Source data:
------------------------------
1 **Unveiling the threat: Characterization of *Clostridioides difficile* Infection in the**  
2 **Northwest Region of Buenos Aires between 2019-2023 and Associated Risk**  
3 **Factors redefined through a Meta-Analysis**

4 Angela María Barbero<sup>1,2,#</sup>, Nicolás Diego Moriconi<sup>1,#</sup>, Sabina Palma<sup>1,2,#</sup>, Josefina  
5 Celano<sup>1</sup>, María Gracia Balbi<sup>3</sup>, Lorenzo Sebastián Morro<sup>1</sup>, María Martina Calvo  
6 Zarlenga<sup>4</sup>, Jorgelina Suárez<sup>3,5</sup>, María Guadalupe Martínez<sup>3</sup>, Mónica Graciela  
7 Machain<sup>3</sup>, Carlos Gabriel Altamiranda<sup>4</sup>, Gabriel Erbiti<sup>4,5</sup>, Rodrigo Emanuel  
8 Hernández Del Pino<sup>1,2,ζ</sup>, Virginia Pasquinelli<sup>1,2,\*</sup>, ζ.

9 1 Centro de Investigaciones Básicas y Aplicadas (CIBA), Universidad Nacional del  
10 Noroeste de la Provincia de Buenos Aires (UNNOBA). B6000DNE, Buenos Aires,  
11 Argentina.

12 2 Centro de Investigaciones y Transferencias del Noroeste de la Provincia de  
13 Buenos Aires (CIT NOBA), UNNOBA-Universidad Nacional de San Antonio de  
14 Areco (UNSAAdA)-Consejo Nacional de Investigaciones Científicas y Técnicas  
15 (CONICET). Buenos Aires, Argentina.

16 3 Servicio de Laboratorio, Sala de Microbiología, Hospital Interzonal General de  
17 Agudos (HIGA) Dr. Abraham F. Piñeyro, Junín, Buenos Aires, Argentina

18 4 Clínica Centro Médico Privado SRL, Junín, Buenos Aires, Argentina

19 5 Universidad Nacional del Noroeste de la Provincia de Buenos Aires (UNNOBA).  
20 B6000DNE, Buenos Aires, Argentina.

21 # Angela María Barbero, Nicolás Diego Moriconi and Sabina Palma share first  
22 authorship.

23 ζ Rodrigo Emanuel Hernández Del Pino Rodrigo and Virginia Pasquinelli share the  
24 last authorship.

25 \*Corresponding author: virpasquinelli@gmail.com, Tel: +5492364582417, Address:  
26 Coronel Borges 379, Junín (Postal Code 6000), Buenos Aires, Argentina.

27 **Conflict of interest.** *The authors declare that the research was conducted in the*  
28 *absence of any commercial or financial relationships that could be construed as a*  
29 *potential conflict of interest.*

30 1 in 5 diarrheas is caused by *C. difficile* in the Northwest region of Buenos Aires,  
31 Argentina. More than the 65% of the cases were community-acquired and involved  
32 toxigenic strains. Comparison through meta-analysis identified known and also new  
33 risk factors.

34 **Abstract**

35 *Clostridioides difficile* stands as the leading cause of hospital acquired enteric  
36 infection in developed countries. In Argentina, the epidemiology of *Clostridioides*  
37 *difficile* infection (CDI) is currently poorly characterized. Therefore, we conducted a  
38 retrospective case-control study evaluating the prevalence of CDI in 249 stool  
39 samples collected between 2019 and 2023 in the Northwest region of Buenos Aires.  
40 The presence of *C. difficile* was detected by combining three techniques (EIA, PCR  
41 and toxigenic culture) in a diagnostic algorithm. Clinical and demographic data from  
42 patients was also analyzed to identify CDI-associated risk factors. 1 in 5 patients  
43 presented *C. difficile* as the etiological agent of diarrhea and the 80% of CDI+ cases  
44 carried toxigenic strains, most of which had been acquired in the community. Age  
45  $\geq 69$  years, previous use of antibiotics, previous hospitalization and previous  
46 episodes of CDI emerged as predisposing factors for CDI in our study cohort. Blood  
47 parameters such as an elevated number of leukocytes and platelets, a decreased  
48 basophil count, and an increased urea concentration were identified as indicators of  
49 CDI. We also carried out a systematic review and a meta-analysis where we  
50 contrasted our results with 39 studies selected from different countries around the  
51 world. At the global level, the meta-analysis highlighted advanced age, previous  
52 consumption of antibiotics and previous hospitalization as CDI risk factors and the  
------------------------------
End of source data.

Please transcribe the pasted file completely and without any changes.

1 **Unveiling the threat: Characterization of *Clostridioides difficile* Infection in the**  
2 **Northwest Region of Buenos Aires between 2019-2023 and Associated Risk**  
3 **Factors redefined through a Meta-Analysis**

4 Angela María Barbero<sup>1,2,#</sup>, Nicolás Diego Moriconi<sup>1,#</sup>, Sabina Palma<sup>1,2,#</sup>, Josefina  
5 Celano<sup>1</sup>, María Gracia Balbi<sup>3</sup>, Lorenzo Sebastián Morro<sup>1</sup>, María Martina Calvo  
6 Zarlenga<sup>4</sup>, Jorgelina Suárez<sup>3,5</sup>, María Guadalupe Martínez<sup>3</sup>, Mónica Graciela  
7 Machain<sup>3</sup>, Carlos Gabriel Altamiranda<sup>4</sup>, Gabriel Erbiti<sup>4,5</sup>, Rodrigo Emanuel  
8 Hernández Del Pino<sup>1,2,ζ</sup>, Virginia Pasquinelli<sup>1,2,\*</sup>, ζ.

9 1 Centro de Investigaciones Básicas y Aplicadas (CIBA), Universidad Nacional del  
10 Noroeste de la Provincia de Buenos Aires (UNNOBA). B6000DNE, Buenos Aires,  
11 Argentina.

12 2 Centro de Investigaciones y Transferencias del Noroeste de la Provincia de  
13 Buenos Aires (CIT NOBA), UNNOBA-Universidad Nacional de San Antonio de  
14 Areco (UNSAAdA)-Consejo Nacional de Investigaciones Científicas y Técnicas  
15 (CONICET). Buenos Aires, Argentina.

16 3 Servicio de Laboratorio, Sala de Microbiología, Hospital Interzonal General de  
17 Agudos (HIGA) Dr. Abraham F. Piñeyro, Junín, Buenos Aires, Argentina

18 4 Clínica Centro Médico Privado SRL, Junín, Buenos Aires, Argentina

19 5 Universidad Nacional del Noroeste de la Provincia de Buenos Aires (UNNOBA).  
20 B6000DNE, Buenos Aires, Argentina.

21 # Angela María Barbero, Nicolás Diego Moriconi and Sabina Palma share first  
22 authorship.

23 ζ Rodrigo Emanuel Hernández Del Pino Rodrigo and Virginia Pasquinelli share the  
24 last authorship.

25 \*Corresponding author: virpasquinelli@gmail.com, Tel: +5492364582417, Address:  
26 Coronel Borges 379, Junín (Postal Code 6000), Buenos Aires, Argentina.

27 **Conflict of interest.** *The authors declare that the research was conducted in the*  
28 *absence of any commercial or financial relationships that could be construed as a*  
29 *potential conflict of interest.*

30 1 in 5 diarrheas is caused by *C. difficile* in the Northwest region of Buenos Aires,  
31 Argentina. More than the 65% of the cases were community-acquired and involved  
32 toxigenic strains. Comparison through meta-analysis identified known and also new  
33 risk factors.

34 **Abstract**

35 *Clostridioides difficile* stands as the leading cause of hospital acquired enteric  
36 infection in developed countries. In Argentina, the epidemiology of *Clostridioides*  
37 *difficile* infection (CDI) is currently poorly characterized. Therefore, we conducted a  
38 retrospective case-control study evaluating the prevalence of CDI in 249 stool  
39 samples collected between 2019 and 2023 in the Northwest region of Buenos Aires.  
40 The presence of *C. difficile* was detected by combining three techniques (EIA, PCR  
41 and toxigenic culture) in a diagnostic algorithm. Clinical and demographic data from  
42 patients was also analyzed to identify CDI-associated risk factors. 1 in 5 patients  
43 presented *C. difficile* as the etiological agent of diarrhea and the 80% of CDI+ cases  
44 carried toxigenic strains, most of which had been acquired in the community. Age  
45  $\geq 69$  years, previous use of antibiotics, previous hospitalization and previous  
46 episodes of CDI emerged as predisposing factors for CDI in our study cohort. Blood  
47 parameters such as an elevated number of leukocytes and platelets, a decreased  
48 basophil count, and an increased urea concentration were identified as indicators of  
49 CDI. We also carried out a systematic review and a meta-analysis where we  
50 contrasted our results with 39 studies selected from different countries around the  
51 world. At the global level, the meta-analysis highlighted advanced age, previous  
52 consumption of antibiotics and previous hospitalization as CDI risk factors and the  